By J.D. Alt
Money causes labor to do useful things, and goods and services to be exchanged between people, thereby enabling people in general—both individually and collectively—to obtain what they need. In order for this process to occur in an optimal way—that is, in order for the maximum number of people to obtain what they need, individually and collectively, it seems clear that two basic conditions must be met: (1) there needs to be enough money to pay people to create all the goods and services they need, and (2) this adequate supply of money needs to be in the hands of people who are actually able and motivated to spend it for that purpose.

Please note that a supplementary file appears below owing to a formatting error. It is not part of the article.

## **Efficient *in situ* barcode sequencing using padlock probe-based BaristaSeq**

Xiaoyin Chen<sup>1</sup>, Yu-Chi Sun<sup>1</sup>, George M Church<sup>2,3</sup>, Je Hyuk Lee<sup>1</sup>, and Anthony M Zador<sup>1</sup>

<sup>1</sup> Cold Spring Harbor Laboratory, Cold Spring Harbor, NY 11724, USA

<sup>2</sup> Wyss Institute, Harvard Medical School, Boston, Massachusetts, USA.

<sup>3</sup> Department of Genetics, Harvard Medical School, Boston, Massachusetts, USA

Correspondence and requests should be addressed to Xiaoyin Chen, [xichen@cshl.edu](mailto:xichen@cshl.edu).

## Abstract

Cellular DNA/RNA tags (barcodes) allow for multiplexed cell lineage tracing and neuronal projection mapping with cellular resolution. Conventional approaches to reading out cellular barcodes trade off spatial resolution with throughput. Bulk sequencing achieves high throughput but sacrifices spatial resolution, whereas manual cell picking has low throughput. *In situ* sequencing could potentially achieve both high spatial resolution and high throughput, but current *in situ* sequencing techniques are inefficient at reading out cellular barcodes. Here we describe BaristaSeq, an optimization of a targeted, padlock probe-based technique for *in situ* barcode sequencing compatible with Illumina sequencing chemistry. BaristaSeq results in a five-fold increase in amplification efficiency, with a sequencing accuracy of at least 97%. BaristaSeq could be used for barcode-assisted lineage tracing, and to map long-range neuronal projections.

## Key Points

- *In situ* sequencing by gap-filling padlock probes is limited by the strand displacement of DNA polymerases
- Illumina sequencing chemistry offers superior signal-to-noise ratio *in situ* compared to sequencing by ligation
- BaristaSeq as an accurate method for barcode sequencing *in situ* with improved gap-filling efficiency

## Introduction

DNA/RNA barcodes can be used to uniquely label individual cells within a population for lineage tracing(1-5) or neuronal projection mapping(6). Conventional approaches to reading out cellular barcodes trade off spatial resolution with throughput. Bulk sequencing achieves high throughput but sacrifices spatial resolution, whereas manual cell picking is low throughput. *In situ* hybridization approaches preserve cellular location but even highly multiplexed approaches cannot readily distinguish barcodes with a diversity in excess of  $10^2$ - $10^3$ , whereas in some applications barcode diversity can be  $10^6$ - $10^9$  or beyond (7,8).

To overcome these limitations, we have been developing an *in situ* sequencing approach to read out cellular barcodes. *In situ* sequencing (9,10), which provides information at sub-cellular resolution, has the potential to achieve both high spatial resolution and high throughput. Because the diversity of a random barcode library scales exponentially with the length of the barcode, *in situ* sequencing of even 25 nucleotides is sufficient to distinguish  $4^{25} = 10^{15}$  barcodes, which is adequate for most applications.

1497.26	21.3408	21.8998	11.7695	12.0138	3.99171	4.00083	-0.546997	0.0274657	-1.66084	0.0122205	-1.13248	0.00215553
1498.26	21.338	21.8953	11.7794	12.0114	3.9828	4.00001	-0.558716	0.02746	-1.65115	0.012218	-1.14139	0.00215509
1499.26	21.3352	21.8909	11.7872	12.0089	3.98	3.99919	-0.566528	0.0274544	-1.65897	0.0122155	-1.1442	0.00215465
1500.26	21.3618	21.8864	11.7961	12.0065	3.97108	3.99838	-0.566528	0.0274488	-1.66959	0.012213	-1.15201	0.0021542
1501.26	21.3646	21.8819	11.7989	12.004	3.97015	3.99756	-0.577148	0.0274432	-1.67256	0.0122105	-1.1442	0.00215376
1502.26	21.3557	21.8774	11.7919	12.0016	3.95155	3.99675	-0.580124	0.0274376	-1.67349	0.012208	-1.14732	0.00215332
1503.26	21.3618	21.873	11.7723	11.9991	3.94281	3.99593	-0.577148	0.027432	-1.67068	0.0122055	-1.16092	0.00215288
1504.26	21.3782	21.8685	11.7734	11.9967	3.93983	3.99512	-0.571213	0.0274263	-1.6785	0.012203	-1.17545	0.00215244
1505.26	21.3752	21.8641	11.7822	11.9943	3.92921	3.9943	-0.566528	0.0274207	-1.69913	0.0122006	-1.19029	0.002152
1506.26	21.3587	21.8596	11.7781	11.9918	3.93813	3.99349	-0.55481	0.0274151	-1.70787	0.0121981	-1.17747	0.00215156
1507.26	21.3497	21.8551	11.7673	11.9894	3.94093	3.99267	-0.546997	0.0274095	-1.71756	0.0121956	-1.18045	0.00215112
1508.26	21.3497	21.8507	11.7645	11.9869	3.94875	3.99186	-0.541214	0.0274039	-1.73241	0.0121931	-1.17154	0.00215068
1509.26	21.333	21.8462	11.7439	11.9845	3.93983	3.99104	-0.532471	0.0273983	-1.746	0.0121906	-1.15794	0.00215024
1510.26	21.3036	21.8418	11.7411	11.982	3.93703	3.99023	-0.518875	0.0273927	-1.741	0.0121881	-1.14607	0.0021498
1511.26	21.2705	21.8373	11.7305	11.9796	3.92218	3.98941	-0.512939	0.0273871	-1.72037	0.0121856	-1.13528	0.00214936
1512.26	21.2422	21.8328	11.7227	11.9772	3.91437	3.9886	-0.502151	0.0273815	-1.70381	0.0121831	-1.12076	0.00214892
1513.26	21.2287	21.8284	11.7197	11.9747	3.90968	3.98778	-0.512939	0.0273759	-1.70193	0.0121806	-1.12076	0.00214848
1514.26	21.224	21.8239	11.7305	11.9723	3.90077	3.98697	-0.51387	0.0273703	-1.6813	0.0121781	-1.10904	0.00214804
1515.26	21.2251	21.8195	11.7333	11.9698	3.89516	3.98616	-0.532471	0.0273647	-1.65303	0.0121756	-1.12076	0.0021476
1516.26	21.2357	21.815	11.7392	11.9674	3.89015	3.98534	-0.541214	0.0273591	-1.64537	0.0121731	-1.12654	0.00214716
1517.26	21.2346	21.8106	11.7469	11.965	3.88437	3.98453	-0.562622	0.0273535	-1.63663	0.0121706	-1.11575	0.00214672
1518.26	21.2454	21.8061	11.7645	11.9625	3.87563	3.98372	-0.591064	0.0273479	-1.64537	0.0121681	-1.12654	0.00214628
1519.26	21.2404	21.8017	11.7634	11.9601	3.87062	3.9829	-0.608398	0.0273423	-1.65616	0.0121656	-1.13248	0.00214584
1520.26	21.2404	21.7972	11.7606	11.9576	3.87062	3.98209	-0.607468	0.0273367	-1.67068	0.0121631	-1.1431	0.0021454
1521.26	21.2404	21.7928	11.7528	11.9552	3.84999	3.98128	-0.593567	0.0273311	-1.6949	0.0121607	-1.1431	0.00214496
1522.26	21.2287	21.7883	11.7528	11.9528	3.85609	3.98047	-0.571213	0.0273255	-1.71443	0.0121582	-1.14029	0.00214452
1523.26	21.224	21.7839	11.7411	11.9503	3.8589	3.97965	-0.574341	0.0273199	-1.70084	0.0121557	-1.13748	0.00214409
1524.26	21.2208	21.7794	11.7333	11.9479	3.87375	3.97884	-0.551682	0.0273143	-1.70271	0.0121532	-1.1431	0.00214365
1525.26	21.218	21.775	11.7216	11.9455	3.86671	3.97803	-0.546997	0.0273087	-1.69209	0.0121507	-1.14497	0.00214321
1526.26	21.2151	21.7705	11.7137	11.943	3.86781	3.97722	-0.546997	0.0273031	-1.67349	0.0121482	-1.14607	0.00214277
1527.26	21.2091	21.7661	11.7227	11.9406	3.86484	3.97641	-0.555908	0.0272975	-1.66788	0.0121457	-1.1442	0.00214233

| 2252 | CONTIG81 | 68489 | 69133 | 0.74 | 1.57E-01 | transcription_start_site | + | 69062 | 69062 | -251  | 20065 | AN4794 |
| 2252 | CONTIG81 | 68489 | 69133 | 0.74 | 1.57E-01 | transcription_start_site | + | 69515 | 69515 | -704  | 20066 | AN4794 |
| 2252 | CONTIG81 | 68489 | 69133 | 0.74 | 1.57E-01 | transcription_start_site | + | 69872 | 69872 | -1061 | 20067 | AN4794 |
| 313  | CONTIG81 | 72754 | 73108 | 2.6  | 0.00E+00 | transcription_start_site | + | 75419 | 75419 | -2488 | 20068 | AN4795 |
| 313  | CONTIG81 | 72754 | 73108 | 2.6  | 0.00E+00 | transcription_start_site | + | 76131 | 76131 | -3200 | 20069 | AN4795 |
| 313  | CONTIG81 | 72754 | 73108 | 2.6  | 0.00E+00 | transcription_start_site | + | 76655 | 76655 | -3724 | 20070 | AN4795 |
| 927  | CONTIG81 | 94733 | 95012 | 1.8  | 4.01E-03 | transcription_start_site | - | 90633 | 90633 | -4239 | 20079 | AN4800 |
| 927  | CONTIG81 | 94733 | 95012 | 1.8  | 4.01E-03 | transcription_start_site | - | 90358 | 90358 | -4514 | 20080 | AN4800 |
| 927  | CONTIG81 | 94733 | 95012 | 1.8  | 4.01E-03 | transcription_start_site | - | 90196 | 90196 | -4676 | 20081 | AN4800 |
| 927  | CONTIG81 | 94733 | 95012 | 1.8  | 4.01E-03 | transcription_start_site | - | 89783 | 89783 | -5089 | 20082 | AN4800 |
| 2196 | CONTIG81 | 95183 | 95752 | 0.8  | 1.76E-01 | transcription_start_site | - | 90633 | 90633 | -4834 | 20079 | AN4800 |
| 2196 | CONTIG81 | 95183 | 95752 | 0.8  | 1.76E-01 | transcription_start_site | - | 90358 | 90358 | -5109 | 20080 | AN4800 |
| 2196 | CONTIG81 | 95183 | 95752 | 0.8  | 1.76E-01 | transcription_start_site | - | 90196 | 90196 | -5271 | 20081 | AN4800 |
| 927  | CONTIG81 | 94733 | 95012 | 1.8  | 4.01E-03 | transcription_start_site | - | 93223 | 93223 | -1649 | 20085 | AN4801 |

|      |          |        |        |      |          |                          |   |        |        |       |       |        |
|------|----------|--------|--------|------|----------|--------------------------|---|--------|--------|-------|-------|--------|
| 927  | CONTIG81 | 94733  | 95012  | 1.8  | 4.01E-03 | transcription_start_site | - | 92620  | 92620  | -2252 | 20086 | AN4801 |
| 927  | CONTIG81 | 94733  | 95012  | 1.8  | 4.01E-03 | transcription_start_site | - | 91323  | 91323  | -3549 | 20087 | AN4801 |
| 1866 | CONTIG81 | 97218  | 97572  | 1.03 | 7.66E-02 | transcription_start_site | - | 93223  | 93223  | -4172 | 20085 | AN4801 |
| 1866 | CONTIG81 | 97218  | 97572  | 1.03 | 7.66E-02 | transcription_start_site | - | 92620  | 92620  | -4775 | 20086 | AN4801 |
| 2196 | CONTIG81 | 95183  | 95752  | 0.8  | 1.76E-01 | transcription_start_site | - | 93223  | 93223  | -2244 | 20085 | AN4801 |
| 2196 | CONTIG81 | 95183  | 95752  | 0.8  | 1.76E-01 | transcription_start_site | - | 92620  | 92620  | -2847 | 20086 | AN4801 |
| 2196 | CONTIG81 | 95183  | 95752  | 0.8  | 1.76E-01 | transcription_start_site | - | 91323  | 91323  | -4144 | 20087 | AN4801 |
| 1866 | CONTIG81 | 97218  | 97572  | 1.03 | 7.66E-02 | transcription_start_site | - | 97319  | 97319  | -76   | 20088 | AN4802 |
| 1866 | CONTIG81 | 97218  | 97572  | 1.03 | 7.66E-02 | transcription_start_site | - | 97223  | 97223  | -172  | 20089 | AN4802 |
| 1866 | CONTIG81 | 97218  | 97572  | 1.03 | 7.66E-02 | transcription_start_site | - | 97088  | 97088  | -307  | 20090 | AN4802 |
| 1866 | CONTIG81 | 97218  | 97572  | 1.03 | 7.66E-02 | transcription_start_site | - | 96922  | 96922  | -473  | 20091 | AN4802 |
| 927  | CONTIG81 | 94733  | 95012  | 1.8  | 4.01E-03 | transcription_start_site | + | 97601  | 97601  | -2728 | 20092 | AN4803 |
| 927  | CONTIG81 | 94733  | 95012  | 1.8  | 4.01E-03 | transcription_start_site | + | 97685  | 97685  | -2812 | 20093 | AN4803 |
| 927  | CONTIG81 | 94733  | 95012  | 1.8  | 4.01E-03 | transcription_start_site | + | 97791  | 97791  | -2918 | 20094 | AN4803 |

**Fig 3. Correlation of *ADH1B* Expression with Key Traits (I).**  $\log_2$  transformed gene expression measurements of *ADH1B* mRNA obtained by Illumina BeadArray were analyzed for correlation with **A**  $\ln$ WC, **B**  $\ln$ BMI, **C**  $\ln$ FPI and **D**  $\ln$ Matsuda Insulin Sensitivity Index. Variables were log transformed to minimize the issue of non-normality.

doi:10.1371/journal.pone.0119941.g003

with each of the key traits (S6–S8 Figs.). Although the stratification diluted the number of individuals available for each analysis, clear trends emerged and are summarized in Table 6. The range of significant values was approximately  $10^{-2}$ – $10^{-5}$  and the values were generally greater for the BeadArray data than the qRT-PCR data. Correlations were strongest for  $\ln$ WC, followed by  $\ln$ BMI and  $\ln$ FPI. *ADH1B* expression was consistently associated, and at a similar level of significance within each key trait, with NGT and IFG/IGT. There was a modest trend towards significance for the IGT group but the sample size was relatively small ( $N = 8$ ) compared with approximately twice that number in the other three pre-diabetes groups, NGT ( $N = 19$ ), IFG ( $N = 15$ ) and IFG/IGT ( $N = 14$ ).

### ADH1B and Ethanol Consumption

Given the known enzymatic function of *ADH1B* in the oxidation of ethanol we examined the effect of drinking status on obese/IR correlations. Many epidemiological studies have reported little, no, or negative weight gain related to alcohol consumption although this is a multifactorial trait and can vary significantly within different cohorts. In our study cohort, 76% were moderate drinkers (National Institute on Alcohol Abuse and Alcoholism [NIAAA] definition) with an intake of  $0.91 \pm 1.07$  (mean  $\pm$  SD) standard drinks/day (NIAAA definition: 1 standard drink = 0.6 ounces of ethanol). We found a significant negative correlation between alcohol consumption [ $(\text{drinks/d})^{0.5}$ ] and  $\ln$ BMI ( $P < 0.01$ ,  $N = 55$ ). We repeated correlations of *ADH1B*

By “enough money” I mean this: Is there enough money to pay people to build all the things and provide all the services they need both individually and collectively—without there being too MUCH money (which could cause prices to escalate)? If there isn’t enough money, it is likely there will be things we need but which we cannot have—not for the lack of available and willing labor to provide those things, but for lack of money with which to pay that labor. In this case that labor not only remains wastefully unemployed, but we, collectively and individually, go without something which we otherwise could have, and might possibly—even desperately—need. (It is also possible, of course, that we cannot have the things we need because the required natural resources—energy, materials, chemicals and minerals etc.—are not available. This, however, is not a “money problem” but a resource problem.)